__________________
Jonathan and Charlotte - Britain's Got Talent 2012 Live Semi Final
http://www.youtube.com/watch?v=3eEc2WxCUcY

It's China's world, we just live in it.
Whiteeclipse no está en línea   Reply With Quote
Old December 27th, 2009, 10:32 PM   #15
SilentStrike
Registered User
 
SilentStrike's Avatar
 
Join Date: Aug 2008
Location: Wassenaar
Posts: 1,753
Likes (Received): 172

Quote:
Originally Posted by Whiteeclipse View Post
Mika Montwald, are you Chinese?
Location: Guangzhou
SilentStrike no está en línea   Reply With Quote
Old December 27th, 2009, 10:38 PM   #16
snow is red
Vicky Pollard lol
 
snow is red's Avatar
 
Join Date: May 2007
Posts: 5,090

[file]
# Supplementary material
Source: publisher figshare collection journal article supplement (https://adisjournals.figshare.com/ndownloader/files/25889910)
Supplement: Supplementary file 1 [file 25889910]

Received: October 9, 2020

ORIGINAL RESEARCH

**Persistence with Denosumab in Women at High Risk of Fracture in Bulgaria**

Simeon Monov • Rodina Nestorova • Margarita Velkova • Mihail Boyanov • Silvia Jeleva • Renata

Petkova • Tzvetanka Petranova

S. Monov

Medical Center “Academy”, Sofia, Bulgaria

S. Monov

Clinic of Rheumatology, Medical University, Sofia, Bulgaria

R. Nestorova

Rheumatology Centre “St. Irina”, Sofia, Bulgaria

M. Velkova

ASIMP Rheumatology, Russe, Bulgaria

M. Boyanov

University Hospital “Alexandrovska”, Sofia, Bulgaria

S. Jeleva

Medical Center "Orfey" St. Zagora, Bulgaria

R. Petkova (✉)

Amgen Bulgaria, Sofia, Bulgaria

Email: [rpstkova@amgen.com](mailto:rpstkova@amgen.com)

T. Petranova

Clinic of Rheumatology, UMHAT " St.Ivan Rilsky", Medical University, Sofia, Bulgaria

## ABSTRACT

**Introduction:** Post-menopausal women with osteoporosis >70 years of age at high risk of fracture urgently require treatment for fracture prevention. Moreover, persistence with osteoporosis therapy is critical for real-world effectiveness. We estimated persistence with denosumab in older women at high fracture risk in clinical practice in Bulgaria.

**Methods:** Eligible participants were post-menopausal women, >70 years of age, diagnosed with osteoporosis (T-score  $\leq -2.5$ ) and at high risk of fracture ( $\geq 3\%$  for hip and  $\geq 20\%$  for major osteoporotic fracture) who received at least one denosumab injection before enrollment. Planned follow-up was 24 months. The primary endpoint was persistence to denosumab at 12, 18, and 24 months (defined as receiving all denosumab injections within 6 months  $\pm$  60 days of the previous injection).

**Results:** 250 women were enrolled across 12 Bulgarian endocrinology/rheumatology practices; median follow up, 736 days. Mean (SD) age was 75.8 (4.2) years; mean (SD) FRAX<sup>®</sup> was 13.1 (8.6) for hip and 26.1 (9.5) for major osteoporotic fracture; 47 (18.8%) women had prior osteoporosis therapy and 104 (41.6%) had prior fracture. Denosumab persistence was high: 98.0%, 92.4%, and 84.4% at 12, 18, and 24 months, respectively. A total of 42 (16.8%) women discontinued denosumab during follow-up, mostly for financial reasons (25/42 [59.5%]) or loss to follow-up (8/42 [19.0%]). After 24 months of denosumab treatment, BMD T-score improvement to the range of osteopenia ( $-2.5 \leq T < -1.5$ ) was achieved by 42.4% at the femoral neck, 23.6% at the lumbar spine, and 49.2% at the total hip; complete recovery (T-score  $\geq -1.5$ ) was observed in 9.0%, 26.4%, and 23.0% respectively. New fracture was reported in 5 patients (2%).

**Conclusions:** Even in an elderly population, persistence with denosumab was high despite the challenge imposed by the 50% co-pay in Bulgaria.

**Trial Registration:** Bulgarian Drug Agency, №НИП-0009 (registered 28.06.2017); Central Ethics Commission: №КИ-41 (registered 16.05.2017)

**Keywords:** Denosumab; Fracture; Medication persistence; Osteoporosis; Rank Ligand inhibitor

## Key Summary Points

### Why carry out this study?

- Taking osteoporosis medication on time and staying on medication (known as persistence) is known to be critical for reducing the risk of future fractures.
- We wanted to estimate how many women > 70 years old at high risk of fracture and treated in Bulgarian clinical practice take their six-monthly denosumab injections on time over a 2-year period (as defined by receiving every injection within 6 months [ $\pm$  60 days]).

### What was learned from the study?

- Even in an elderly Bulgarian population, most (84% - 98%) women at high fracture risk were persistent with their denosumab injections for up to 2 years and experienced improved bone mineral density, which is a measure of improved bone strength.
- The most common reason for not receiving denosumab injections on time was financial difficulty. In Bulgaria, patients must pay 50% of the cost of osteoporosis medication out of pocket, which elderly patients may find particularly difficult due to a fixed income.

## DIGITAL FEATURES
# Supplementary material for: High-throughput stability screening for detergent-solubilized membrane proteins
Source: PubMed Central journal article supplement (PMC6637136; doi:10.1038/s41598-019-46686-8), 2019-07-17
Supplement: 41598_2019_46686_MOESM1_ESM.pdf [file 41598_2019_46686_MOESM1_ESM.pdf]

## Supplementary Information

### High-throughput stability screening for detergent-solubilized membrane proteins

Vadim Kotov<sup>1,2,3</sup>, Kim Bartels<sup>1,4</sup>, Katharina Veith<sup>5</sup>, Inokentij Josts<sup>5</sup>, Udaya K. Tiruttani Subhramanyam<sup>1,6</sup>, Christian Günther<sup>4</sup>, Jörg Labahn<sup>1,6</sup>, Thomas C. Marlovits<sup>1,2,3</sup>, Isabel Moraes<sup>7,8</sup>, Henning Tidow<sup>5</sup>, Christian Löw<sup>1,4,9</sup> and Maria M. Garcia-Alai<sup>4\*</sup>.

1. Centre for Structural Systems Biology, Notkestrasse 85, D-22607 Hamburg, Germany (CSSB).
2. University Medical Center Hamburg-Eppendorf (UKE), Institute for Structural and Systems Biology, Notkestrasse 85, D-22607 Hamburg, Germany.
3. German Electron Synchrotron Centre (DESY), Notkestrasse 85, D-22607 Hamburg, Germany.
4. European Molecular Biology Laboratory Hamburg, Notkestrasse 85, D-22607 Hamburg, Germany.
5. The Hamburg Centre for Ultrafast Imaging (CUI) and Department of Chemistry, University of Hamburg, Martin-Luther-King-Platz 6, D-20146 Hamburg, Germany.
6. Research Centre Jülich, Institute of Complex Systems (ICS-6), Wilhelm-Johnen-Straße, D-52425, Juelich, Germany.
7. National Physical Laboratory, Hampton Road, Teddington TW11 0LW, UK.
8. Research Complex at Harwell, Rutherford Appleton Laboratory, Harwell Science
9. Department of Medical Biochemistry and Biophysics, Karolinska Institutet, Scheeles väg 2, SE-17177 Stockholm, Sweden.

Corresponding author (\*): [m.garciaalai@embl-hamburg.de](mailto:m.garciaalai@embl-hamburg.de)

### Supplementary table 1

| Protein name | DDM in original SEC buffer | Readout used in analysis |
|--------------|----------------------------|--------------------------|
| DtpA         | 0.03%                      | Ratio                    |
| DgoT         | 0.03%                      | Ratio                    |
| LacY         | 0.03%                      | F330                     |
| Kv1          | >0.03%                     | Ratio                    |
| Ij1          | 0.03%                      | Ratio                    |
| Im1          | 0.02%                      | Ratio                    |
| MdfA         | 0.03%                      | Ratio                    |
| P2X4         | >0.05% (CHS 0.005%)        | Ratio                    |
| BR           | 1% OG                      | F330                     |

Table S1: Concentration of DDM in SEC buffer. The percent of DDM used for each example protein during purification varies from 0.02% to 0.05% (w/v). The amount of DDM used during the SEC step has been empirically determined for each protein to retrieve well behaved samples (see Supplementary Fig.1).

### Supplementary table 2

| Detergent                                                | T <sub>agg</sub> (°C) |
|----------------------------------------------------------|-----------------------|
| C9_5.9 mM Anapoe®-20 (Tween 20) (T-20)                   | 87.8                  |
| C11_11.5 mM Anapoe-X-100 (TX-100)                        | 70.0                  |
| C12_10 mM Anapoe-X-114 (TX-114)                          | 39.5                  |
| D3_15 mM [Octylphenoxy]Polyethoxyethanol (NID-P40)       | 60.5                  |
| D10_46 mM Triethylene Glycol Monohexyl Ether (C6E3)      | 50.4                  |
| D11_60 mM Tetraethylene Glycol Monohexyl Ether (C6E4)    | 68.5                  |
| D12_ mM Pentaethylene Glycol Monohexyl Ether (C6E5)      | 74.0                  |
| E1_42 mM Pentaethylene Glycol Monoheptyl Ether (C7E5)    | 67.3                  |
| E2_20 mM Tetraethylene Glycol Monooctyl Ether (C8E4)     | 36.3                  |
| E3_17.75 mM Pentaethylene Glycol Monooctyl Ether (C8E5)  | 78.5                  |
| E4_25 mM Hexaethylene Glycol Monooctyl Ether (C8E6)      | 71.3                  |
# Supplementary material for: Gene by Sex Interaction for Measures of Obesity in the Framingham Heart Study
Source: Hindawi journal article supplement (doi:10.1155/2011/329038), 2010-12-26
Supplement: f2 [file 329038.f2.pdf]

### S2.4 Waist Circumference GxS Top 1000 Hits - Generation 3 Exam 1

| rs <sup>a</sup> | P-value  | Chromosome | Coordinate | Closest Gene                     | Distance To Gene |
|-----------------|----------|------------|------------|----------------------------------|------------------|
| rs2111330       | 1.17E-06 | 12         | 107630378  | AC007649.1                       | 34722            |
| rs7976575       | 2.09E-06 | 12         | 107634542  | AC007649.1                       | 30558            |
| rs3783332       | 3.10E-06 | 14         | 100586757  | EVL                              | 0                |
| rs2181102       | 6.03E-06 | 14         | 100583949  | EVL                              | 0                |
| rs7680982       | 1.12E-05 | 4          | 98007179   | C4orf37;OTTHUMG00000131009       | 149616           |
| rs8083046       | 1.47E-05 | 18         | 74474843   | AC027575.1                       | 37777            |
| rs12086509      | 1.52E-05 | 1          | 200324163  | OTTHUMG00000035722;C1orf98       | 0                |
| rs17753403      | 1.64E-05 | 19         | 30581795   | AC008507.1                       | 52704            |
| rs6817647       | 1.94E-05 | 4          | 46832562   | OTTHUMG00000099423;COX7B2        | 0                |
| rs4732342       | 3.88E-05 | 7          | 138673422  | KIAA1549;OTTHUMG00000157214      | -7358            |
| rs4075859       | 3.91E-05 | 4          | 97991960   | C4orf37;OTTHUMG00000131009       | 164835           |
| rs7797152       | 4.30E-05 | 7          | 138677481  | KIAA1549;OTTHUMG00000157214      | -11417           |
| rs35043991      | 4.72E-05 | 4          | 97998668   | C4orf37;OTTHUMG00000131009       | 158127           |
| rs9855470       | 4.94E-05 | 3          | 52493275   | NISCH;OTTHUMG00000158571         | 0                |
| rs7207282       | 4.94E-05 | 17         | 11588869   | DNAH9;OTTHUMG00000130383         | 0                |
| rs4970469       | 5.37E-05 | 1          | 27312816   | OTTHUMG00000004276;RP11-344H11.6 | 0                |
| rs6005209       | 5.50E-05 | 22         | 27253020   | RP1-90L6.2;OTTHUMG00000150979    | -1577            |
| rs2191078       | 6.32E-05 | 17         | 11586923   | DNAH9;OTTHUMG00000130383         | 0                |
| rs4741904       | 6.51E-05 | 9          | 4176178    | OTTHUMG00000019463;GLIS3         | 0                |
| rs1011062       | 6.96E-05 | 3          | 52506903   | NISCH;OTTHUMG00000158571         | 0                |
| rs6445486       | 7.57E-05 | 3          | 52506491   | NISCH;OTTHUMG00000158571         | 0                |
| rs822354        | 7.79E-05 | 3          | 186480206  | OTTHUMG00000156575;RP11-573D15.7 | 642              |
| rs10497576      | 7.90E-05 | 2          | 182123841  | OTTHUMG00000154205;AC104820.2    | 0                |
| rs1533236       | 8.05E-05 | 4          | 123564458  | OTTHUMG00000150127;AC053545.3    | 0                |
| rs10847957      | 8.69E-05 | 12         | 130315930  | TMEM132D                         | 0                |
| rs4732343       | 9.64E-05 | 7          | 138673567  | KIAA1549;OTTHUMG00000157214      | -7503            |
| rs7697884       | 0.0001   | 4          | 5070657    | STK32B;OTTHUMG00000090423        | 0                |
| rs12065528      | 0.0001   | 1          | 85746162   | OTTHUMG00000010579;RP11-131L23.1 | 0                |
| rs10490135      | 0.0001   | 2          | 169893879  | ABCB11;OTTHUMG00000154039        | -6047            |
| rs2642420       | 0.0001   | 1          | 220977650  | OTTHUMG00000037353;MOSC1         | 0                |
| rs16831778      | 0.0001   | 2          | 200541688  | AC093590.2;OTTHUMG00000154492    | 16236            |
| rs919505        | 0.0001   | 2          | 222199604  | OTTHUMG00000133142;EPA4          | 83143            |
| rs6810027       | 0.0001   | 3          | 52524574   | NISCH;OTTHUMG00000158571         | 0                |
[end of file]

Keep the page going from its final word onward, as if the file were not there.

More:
Likes (Received): 87

Quote:
Originally Posted by Whiteeclipse View Post
Mika Montwald, are you Chinese?
I think he/she is , judging from the answer that he/she gave for my simple question in other Chinese train thread. It's so passionate
snow is red no está en línea   Reply With Quote
Old December 27th, 2009, 10:39 PM   #17
snow is red
Vicky Pollard lol
 
snow is red's Avatar
 
Join Date: May 2007
Posts: 5,090
Likes (Received): 87

Quote:
Originally Posted by SilentStrike View Post
Location: Guangzhou
And foreigners don't come to Guangzhou ?
snow is red no está en línea   Reply With Quote
Old December 28th, 2009, 12:03 AM   #18
SilentStrike
Registered User
 
SilentStrike's Avatar
 
Join Date: Aug 2008
Location: Wassenaar
Posts: 1,753
Likes (Received): 172

Quote:
Originally Posted by snow is red View Post